Florida and Antillean manatees are exposed to various disease processes and predators. Recently, a few Antillean manatee deaths in Puerto Rico have been attributed to toxoplasmosis (Bossart et al. 2012, p. 139), and the effect of this disease on the manatee population is poorly understood. A novel papillomavirus was discovered in Florida manatees; however, this disease was determined to be benign and not threatening to the Florida manatee population. A variety of parasites have been identified in manatees; however, none is known to cause death. Manatee predators include sharks and alligators. However, although bite marks and scars have been observed, only rare attacks have been described (Mon Sue et al. 1990, p. 239; D. Semeyn unpublished (in Marsh et al. 2010, p. 167).
Protection for the West Indian manatee outside of areas under United States jurisdiction is largely afforded through the Specially Protected Areas and Wildlife (SPAW) Protocol of the Cartegena Convention. The Ramsar Convention on Wetlands and the Convention on Biological Diversity protect manatee habitat. Many countries have country-specific legislation protecting manatees and their habitat (Marsh et al. 2011, p. 376). Further protection is afforded under the 1973 Convention on International Trade in Endangered Species of Wild Fauna and Flora (CITES) (Marsh et al. 2011, p. 376).
Within areas under United States jurisdiction, manatees are protected through a number of Federal, State, and Commonwealth laws. Primary Federal regulations include the Act and the MMPA. In Florida, manatees are protected under the Florida Manatee Sanctuary Act of 1978, and through regulation; Florida Administrative Code 68A-27.000 provides protective measures for Florida's fish and wildlife, including candidate and protected species. Additional measures exist to protect manatee habitat in Florida, including State and Federal regulations governing human activity in certain habitat areas where manatees congregate, and measures designed to protect spring flows used by wintering manatees. In Puerto Rico, protection and conservation of natural resources is primarily based on the 1952 Constitution of Puerto Rico. The Commonwealth's New Wildlife Law of 1999 provides protections for endangered species. Other Commonwealth laws exist to protect habitat in coastal waters. States outside of Florida and the Commonwealth Start Printed Page 37710provide additional protections for manatees through a variety of State laws and regulations (USFWS 2007, pp. 19, 32).
Regulatory mechanisms that prohibit poaching throughout the manatee's range are in place. However, they are regionally difficult to enforce, and poaching remains a significant concern (UNEP 2010, pp. 89-90). Florida manatee protection areas are marked and enforced (USFWS 2007, p.72), and efforts to mark areas in Puerto Rico are ongoing (USFWS 2007, p.36).
In our 90-day finding, we are required to review a petition to reclassify a species, along with the information available in our files, for whether it contains information that would lead a reasonable person to believe that the action proposed in the petition is warranted. On the basis of the information presented, as summarized above, under section 4(b)(3)(A) of the Act, we find that the petition presents substantial scientific or commercial information indicating that the requested action, the reclassification of the West Indian manatee to threatened, may be warranted. Therefore, we are initiating a status review to determine whether the petitioned action is warranted. In our 12-month finding, we will evaluate, through a status review, each of the five listing factors closely to determine if the threats to the species have been reduced to the degree that the reclassification of the species is warranted. The “best scientific and commercial data” standard under the Act for the status review differs from the “substantial information” standard for a 90-day finding, under section 4(b)(3)(A) of the Act and 50 CFR 424.14(b) of our regulations. Because the Act's standards for 90-day and 12-month findings are different, as described above, this substantial 90-day finding does not necessarily mean that the 12-month finding will result in a warranted finding.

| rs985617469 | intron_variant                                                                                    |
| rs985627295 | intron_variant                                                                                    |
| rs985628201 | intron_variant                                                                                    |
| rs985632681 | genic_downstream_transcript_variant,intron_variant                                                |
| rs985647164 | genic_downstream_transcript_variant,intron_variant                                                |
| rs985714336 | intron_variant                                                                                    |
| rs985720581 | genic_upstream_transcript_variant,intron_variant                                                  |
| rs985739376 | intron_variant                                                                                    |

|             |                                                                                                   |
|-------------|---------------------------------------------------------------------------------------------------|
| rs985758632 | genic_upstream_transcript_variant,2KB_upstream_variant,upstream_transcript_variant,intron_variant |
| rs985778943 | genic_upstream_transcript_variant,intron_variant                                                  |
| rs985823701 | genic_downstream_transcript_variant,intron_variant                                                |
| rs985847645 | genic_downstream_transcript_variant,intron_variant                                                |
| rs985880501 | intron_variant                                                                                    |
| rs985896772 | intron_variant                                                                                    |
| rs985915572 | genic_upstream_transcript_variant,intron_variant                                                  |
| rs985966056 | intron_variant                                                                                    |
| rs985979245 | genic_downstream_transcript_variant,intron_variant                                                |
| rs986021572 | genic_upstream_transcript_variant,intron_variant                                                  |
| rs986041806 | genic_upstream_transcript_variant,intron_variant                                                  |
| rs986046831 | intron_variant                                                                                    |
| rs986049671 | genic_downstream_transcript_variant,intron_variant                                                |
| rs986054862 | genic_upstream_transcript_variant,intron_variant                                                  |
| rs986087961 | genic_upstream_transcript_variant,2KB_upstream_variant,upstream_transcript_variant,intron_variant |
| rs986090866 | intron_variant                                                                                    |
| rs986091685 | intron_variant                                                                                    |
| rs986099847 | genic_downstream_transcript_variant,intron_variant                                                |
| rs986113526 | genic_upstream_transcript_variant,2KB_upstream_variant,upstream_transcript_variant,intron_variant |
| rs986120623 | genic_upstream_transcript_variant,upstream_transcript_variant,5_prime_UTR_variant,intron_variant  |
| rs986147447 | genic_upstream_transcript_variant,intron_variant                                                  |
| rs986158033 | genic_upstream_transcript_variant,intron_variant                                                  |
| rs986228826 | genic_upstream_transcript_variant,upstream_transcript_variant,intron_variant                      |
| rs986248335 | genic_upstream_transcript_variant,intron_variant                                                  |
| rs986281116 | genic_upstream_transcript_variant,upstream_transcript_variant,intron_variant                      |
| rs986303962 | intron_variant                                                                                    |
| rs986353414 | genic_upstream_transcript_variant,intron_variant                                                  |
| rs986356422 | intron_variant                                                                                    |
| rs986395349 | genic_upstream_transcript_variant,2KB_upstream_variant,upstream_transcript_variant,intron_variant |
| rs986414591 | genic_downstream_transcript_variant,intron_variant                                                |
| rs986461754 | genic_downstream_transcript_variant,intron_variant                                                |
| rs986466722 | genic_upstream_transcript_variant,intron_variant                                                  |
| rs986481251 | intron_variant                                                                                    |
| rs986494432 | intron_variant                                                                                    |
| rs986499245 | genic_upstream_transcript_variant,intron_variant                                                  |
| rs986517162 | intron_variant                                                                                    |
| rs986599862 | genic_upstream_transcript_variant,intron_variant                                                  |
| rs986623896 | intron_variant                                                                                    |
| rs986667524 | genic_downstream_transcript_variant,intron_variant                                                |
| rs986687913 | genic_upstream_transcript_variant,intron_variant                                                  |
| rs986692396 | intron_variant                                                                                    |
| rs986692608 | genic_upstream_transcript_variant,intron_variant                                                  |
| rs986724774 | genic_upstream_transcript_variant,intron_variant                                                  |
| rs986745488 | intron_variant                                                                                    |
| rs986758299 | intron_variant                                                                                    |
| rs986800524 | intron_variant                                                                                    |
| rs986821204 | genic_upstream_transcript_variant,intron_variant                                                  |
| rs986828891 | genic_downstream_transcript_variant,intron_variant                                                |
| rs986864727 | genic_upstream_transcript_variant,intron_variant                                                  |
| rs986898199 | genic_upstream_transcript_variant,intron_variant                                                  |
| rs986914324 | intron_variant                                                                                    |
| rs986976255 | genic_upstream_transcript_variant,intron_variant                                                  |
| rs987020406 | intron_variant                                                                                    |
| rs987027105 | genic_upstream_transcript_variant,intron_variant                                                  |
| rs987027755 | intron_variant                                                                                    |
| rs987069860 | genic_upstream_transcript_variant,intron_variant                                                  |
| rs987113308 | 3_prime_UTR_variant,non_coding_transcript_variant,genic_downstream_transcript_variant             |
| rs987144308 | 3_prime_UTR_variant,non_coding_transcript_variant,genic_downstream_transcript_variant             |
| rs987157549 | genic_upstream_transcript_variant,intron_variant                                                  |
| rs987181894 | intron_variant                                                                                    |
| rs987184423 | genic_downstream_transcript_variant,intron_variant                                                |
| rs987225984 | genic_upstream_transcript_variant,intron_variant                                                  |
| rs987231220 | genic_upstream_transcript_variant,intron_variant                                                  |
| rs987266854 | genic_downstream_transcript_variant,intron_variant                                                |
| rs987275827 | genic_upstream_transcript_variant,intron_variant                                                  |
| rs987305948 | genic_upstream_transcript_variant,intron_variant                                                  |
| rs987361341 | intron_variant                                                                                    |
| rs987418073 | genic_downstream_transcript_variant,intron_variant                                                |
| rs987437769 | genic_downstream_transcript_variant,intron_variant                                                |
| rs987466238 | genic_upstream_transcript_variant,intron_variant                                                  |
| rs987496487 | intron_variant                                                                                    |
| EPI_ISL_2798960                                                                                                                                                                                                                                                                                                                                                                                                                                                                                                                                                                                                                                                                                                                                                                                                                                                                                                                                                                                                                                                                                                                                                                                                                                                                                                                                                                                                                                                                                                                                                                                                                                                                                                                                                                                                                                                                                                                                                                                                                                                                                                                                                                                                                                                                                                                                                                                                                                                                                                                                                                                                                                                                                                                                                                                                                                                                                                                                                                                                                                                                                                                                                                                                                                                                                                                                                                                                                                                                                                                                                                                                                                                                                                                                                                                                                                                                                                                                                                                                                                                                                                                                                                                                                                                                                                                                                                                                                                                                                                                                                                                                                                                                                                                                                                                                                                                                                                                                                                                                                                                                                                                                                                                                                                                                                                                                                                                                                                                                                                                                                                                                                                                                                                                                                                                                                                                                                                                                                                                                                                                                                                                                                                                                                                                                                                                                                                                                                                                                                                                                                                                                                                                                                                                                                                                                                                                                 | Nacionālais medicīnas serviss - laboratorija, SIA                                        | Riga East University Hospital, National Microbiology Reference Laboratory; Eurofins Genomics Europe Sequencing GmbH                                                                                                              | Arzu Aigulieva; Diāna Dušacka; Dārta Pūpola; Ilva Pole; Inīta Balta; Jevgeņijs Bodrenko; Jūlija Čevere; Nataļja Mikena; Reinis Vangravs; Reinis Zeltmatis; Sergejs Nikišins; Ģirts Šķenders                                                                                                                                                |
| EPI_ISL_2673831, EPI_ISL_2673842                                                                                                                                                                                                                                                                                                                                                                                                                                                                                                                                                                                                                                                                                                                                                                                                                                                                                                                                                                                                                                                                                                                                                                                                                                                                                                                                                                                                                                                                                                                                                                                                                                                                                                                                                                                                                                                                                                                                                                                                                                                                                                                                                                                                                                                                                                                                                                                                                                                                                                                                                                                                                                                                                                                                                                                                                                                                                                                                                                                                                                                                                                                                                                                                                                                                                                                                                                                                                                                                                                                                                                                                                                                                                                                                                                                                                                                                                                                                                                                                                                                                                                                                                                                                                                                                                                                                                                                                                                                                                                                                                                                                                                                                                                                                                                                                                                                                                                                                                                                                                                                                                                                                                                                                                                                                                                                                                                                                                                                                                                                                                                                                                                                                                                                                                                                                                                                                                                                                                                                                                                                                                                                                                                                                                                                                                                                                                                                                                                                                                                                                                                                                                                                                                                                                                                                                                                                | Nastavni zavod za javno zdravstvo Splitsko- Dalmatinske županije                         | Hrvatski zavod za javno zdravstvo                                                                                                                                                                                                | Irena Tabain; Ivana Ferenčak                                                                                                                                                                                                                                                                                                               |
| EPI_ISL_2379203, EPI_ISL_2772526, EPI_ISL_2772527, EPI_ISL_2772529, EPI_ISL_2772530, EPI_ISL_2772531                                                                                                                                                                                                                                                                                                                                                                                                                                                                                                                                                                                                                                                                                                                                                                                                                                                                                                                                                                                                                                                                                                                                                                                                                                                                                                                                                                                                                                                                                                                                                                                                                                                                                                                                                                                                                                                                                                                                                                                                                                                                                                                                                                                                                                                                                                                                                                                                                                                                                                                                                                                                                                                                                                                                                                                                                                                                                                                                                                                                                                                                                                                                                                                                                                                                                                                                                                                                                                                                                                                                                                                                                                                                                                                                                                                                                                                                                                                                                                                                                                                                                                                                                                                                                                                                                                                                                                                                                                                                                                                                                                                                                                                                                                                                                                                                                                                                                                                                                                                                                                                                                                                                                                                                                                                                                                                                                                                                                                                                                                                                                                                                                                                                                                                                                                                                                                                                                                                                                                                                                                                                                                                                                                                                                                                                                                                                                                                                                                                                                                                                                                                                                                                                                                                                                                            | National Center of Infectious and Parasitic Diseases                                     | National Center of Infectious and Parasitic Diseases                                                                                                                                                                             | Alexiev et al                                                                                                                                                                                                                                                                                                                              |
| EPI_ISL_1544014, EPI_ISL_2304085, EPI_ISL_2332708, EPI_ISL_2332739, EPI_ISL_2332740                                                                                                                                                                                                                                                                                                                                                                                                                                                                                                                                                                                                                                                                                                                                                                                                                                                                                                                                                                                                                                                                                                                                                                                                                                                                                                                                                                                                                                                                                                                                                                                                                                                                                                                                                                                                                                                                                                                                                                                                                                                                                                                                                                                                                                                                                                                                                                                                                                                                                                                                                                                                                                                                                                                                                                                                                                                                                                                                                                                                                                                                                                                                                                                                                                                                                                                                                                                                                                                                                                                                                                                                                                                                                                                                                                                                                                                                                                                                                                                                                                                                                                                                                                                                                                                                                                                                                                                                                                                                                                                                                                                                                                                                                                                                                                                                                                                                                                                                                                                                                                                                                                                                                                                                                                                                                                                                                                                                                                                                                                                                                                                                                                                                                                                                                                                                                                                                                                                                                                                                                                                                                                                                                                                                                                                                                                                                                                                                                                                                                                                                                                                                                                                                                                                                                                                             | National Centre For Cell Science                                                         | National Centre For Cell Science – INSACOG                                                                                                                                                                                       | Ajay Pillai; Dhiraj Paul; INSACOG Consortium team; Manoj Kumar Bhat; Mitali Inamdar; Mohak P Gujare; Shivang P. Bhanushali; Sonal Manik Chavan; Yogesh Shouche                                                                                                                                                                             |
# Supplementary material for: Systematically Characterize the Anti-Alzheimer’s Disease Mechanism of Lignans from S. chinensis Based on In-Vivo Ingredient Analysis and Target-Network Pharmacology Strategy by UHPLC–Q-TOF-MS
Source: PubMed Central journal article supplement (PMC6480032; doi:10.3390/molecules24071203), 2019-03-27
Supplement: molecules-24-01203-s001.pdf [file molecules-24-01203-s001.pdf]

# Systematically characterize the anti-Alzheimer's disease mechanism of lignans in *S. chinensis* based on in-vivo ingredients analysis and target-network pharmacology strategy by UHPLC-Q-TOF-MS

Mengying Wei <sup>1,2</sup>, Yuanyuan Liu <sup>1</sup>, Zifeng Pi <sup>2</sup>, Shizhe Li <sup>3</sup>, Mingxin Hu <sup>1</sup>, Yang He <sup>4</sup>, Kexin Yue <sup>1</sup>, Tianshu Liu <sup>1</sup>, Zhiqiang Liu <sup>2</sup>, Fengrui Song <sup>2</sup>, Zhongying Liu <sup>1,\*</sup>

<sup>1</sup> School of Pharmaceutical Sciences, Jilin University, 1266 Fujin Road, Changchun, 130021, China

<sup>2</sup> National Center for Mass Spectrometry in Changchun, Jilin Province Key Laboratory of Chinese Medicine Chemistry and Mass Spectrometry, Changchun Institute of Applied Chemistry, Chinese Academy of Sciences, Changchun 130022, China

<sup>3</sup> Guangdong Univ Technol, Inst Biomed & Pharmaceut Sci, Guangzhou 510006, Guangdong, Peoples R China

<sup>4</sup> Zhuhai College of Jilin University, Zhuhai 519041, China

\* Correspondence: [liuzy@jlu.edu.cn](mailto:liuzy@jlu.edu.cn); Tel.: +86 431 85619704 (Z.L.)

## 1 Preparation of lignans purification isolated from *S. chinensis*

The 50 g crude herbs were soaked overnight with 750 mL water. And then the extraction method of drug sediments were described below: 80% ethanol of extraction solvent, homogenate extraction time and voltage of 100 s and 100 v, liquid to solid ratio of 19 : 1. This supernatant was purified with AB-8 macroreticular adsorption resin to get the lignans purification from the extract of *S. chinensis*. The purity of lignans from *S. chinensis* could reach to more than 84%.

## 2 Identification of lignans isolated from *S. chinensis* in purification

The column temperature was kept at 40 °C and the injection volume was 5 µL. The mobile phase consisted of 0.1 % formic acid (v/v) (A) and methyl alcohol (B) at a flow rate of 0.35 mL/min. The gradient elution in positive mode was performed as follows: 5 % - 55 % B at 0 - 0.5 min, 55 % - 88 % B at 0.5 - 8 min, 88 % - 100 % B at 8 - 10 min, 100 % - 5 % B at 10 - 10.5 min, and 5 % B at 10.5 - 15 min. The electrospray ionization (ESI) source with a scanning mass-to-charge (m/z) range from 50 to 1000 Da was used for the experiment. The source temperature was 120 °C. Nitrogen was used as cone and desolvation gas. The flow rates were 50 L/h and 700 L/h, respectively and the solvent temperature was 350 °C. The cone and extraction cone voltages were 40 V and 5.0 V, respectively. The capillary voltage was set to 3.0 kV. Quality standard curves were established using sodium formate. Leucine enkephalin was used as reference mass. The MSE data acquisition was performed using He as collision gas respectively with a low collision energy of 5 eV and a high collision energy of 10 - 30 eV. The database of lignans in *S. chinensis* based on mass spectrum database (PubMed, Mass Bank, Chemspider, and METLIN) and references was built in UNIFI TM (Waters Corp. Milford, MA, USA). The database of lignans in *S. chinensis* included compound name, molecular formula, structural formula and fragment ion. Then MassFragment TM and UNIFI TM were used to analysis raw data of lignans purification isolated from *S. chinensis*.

Section 4(c)(2)(A) of the Act requires that we conduct a review of listed species at least once every 5 years. Under section 4(c)(2)(B), we are then to determine, on the basis of such review, whether or not such species should be recommended for removal from the List (delisted), or reclassified from endangered to threatened, or from threatened to endangered. Our regulations at 50 CFR 424.21 require that we publish a notice in the Federal Register announcing those species currently under review. This notice announces our active review of the status of the West Indian manatee.
A complete list of references cited is available on the Internet at http://www.regulations.gov and upon request from the North Florida Ecological Services Field Office (see FOR FURTHER INFORMATION CONTACT).
The primary authors of this notice include staff from the North Florida Ecological Services Field Office and Caribbean Ecological Services Field Office (see FOR FURTHER INFORMATION CONTACT).
The authority for this action is the Endangered Species Act of 1973, as amended (16 U.S.C. 1531 et seq.).
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Dated: June 19, 2014 .
Acting Director, U.S. Fish and Wildlife Service.
[FR Doc. 2014-15458 Filed 7-1-14; 8:45 am]